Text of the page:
Profile - The CAF Red Tail Project

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South St. Paul, MN, United States
The mission of the Commemorative Air Force's (CAF) Red Tail Squadron is to preserve and share the history and legacy of the Tuskegee Airmen, America's first black military pilots. The Airmen served with distinction during WWII (and beyond). They overcame racism on the ground to fight fascism in the air, fighting for a country that turned a blind eye to policies and a large population that discriminated against these men and their families because of the color of their skin. The CAF Red Tail Squadron restored and flies a red-tailed P-51C Mustang such as the Airmen flew during WWII. The airplane appears at air shows in North America and at each stop her crew tells the story of the Airmen and how through persistence and courage they overcame huge obstacles in order to serve in the military. In 2011, the CAF Red Tail Squadron developed a traveling exhibit called "RISE ABOVE" to educate people - especially young people - about the Airmen and how they demonstrated the importance of setting goals and overcoming obstacles in order to succeed.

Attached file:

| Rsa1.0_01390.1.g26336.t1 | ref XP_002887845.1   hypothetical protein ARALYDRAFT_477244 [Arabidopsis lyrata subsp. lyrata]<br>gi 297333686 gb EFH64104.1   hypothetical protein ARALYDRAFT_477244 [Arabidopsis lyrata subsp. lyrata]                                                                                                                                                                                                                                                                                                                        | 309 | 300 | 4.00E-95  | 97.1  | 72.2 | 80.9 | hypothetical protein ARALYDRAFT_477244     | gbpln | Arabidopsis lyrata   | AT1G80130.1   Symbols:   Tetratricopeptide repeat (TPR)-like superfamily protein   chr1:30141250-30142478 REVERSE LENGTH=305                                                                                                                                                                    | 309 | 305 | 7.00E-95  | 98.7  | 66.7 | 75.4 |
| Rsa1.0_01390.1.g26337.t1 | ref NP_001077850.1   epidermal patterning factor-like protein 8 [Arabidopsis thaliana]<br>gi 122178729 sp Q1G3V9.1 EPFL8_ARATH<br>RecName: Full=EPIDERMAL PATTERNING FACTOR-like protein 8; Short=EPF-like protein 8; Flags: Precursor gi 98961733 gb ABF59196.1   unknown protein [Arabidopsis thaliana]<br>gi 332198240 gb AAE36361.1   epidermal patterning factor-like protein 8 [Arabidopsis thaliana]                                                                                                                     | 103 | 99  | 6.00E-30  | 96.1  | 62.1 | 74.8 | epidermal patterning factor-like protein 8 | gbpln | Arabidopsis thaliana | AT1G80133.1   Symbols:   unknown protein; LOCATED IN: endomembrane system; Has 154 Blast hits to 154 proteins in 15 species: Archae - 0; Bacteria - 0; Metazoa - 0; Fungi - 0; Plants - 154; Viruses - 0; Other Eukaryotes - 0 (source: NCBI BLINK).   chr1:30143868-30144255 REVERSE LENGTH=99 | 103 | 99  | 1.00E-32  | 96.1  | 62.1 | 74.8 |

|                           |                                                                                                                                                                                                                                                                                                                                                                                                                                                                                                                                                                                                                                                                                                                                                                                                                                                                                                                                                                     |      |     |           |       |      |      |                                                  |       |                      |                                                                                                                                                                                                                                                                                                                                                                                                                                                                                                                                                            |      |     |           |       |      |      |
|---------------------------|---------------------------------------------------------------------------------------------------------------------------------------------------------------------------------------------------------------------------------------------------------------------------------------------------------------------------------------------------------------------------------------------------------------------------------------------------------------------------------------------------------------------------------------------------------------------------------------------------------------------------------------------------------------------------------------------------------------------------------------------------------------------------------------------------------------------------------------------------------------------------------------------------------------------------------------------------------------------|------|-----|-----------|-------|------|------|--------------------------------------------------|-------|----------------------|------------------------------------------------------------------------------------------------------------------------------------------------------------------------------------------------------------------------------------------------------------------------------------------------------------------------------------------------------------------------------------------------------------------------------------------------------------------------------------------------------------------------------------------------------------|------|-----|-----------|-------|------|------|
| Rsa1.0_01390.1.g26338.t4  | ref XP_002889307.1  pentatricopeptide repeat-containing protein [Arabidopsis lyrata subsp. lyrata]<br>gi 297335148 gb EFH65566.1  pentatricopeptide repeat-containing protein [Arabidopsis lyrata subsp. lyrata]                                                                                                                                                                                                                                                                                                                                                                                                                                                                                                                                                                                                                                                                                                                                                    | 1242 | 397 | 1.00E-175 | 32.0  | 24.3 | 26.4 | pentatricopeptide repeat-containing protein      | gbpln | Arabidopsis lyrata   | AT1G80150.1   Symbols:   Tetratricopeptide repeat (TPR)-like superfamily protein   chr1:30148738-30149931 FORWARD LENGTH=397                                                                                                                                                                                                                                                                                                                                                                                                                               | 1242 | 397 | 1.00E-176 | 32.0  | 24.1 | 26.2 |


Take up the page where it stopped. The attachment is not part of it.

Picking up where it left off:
Friday, April 27, 2012


     I don’t know if I just hang out with major risk-takers so I can live vicariously through them, but a high percentage of my friends have either parachuted out of an airplane for fun or indicated a strong interest in doing so at some point.  As I get older, this option for personal adventure has faded into the background (not so white water rafting…) but I remain envious of those who have tried it. 
     This week marked the 93rd anniversary of the first parachute jump with the chute deployed by a ripcord.  The inventor was also the tester, which makes sense when you think about it. Leslie L. “Skyhigh” Irvin was in control and remained in free fall until he decided to pull the cord and open the chute.  Prior to this historic jump in 1919 over McCook Field in Ohio, a parachute was deployed in many different ways, including holding the parachute and tossing it up while falling down (balloonist) and later, having a device on the airplane itself pull the cord as the parachutist exited.